Hollow Body Rock - Freestyle
| May 21, 2018

Hollow Body Rock

Static positions like the hollow body position are great for developing awareness of motion and what your body feels like under certain demands. The hollow body shape is designed to teach spinal stability, which translates to better spinal position while performing movements. The key phrase here is other movements. To further progress this ability to stabilize your lumbar spine for better overall movement control, you can add a little motion: a rock. The tension around your spine shifts as you rock back and forth.

Here is how to perform a Hollow Body Rock

1. Start in the hollow body position.

2. Drop your legs toward the ground to initiate the rock. Maintain the hollow body position as you rock forward.

3. Descend backward by dropping your shoulders to the ground and pulling your legs away from the ground. Continue rocking backward by allowing your arms to reach for the ground, and emphasize picking up your hips in order to maintain the hollow body position.

Notice that I used the word shift. As you rock, your center of mass shifts from the front of your base of support (your lower back and butt) to the back of your base of support (your upper back). Especially when performing the Hollow Rock for the first time, you may find that the shifting back and forth causes problems, even if you are really good at holding the static hollow body position.

The rocking motion itself is not necessarily difficult, but it does cause changes in tension at different levels of your spine as you rock. As you rock forward, your legs pull your body forward and down and your upper body follows by performing a sit-up. Even if you never do traditional Sit-ups, you perform the same movement seen in the forward rock every time you get out of bed or stand up from a chair; these expressions are an example of pushing. It is usually on the backward rock that the spine tends to deviate in shape, where the hips and legs are left behind and the spine starts to reverse into a more extended position, especially at the top of the lumbar region or ribcage. This happens because as you rock backward, you progressively load your spine with the weight of your legs pulling down, which requires you to perform a pull with your hips up and toward your face. As simple as it may seem, we have lost some of our ability to perform this movement due to our modern environment.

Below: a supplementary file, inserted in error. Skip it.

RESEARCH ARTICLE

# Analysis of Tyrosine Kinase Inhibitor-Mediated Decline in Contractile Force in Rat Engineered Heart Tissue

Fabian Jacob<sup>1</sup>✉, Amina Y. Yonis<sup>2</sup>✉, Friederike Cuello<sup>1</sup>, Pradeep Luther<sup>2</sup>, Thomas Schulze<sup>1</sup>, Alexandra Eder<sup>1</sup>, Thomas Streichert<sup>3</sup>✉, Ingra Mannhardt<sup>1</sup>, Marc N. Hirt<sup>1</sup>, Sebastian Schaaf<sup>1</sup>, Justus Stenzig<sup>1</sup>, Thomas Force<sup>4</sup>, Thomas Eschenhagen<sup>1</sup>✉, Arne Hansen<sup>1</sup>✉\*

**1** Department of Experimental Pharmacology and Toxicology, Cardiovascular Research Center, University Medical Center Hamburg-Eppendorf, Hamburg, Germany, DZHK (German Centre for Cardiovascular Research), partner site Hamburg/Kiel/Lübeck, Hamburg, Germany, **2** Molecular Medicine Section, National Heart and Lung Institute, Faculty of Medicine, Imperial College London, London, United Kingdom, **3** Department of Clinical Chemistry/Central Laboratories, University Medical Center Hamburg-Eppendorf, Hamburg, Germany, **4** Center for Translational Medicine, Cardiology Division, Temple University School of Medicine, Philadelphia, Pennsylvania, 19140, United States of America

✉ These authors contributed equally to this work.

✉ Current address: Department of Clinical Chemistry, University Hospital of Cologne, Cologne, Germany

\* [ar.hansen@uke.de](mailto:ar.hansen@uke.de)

Every time you sit down on a chair, you perform a pull from your legs. Because the chair is stable, high up, and has a backrest, you don’t usually pull yourself into the chair with control; you just drop. This convenience has led to underdevelopment in our ability to pull from our lower extremities, which causes extension at the lumbar spine and a subsequent loss of motor control, which is expressed as a loss of movement control. This is one of the main reasons people get injured when running. Every lift of the foot causes over-tension and therefore stress on the spine, leading to injury.

By adding this Hollow Rock to your training, you learn not just how to change tension around your spine, but also the basic principles of pushing and pulling from your lower extremities.


For more information, you can reference Freestyle the book, Page 57-58, Chapter 2, Part 1.

Watch this video on motor control and the introduction to the hollow body rock.

Contributor: Carl Paoli

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